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Decided to permanently switch over to home-schooling? Having the ideal space for successful learning to take place, is more important than ever.


The uncertainty of school closures and re-openings during lockdown has caused many parents to consider the alternative of home-schooling. Even after life returns to normal, many will likely continue working remotely while their children continue to learn from home.

Anyone who is home-schooling knows how beneficial it is to have a separate workspace where children can focus on the task at hand.

Homes with their own dedicated learning spaces are therefore likely to become more sought-after and appreciate in value over time, increasing a home’s resale value. “Home classroom spaces might become as sought after as home office spaces following this pandemic,” reckons Adrian Goslett, regional director and CEO, RE/MAX of Southern Africa.

The most effective way to set up a home-schooling environment is to dedicate one room in the home as the children’s workspace. “For those who do not have an entire room in the home available, it is often better to combine the children’s workspace with the home office space than to set up their workspace in the living room or bedroom where the children can be easily distracted,” Goslett says.

Another reason the bedroom is not the best idea to let children work in, is that this space should remain an area they associate with relaxation.

Create the space

Consider your child’s study style. One child may want to sit facing a blank wall, another may prefer your Pilates ball to a chair.

If she’s easily distracted, a secluded, quiet spot is best, but if she’s more comfortable working with other people around, choose a corner in a busier room with good lighting. Make sure the area is free of clutter and that other family members respect “homework time”.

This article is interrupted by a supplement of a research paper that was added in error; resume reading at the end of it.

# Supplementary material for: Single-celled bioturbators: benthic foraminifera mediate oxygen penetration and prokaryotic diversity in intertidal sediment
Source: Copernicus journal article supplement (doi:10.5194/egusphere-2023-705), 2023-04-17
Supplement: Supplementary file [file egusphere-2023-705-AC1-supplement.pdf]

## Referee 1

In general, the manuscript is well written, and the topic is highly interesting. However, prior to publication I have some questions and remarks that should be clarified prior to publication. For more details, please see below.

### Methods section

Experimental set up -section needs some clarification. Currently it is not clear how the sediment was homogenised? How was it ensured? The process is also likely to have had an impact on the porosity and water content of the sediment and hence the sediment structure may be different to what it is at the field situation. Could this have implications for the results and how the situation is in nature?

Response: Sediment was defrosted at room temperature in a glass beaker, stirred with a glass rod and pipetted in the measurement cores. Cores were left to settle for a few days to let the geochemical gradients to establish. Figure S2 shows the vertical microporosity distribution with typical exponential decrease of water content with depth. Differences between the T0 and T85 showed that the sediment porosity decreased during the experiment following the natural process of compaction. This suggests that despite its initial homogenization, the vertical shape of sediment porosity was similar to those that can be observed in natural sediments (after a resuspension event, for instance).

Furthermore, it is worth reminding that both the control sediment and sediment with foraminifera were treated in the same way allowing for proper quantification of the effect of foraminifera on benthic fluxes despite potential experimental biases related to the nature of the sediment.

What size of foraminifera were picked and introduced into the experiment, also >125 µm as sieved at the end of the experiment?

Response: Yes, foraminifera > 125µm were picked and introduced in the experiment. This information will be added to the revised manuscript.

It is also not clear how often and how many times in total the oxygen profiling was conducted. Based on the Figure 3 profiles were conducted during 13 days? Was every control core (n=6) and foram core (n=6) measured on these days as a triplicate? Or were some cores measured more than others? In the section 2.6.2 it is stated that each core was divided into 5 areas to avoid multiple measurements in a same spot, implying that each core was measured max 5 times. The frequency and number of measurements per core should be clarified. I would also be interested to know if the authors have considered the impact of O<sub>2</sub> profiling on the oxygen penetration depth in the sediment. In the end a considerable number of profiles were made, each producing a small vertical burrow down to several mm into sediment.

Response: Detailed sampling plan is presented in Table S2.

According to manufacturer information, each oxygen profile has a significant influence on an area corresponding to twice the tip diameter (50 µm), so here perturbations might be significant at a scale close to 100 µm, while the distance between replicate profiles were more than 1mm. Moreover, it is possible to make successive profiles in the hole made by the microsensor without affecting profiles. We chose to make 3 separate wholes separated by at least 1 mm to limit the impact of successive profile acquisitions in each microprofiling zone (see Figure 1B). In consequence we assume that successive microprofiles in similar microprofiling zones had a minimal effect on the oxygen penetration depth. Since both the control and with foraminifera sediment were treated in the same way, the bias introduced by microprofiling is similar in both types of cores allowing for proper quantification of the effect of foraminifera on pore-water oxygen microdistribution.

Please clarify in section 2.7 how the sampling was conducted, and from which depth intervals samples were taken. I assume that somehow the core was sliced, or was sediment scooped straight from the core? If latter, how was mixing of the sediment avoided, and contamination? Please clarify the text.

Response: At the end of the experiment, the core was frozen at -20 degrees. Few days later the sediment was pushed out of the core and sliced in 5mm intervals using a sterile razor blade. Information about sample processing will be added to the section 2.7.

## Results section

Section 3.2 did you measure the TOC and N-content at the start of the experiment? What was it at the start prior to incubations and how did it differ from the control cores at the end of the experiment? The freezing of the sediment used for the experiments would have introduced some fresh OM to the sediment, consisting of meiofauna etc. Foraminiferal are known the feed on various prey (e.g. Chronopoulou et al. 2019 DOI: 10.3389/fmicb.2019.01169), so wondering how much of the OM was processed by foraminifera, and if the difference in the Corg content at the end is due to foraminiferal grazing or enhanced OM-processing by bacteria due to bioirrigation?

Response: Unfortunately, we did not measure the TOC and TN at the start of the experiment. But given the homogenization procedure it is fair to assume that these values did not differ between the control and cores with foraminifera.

Create an area in the house where your child can focus on schoolwork with limited distractions. Turn off the TV and make sure electronics that aren’t essential for learning are parked in the charger.

It’s important to set up an actual surface space for children to work on – any table clear of clutter where they can sit upright will be just fine. “If possible, provide a chair-and-table situation that allows for the 90-90-90 angle rule – knees bent at a 90-degree angle as well as hips and torso at a 90-degree angle and feet firmly on the floor,” recommends Tara Martello, founder of Grow Thru Play.


About the chair

It’s important that your child has comfortable seating. If you can afford to buy an adjustable chair, that’s great, but you can also adjust your existing furniture by stacking pillows on the seat. If your child’s feet don’t rest on the floor, use something like a footrest, boxes, or stacked magazines.

A final tip is to use a rolled-up towel or small pillow between the back of the chair and the child’s lower back to provide lumbar support.

Stock up

No matter where your child does her homework, the space should have bright lighting, with supplies close at hand.

Once you’ve got the space and furniture covered, stock up on basic supplies. For younger children, also include arts and crafts materials. For older children, include essentials like a dictionary, thesaurus, and an atlas. Use colourful jars to hold supplies, or for a portable option, use plastic stackable cubes or even a sturdy shoebox.


“Dining room spaces can also be easily converted into a classroom space. However, sellers should consult a local real estate practitioner to find out whether having a functional dining room space will be more appealing to buyers in that market than a home classroom space would be,” Goslett cautions homeowners who consider selling their homes.

In households that have only one table for the family to work at, try to assign different seats and sections to each family member. “The more designated, the better,” Martello says, as structure is essential.

To keep siblings focussed on their work instead of playing with (or annoying) each other, consider sitting between them while you do your own work.

If that doesn’t work – or if you can’t be in the same room with them for whatever reason – try the folder fort trick: divide their separate spaces with folders or books to create mini cubicles.

Adding a room

For those who are considering going all out and extending their home to create an additional workspace for their children, Goslett encourages them to make the room as versatile as possible.

“While demand for homes with a children’s workspace is likely to increase, it’s always better to keep the home as neutral as possible to appeal to the widest audience. To maximise the value added by such a renovation, homeowners should consider adding built-in storage space and should make all classroom fittings – items such as blackboards or desks – removable so that future buyers can use the space however they would prefer,” Goslett suggests.

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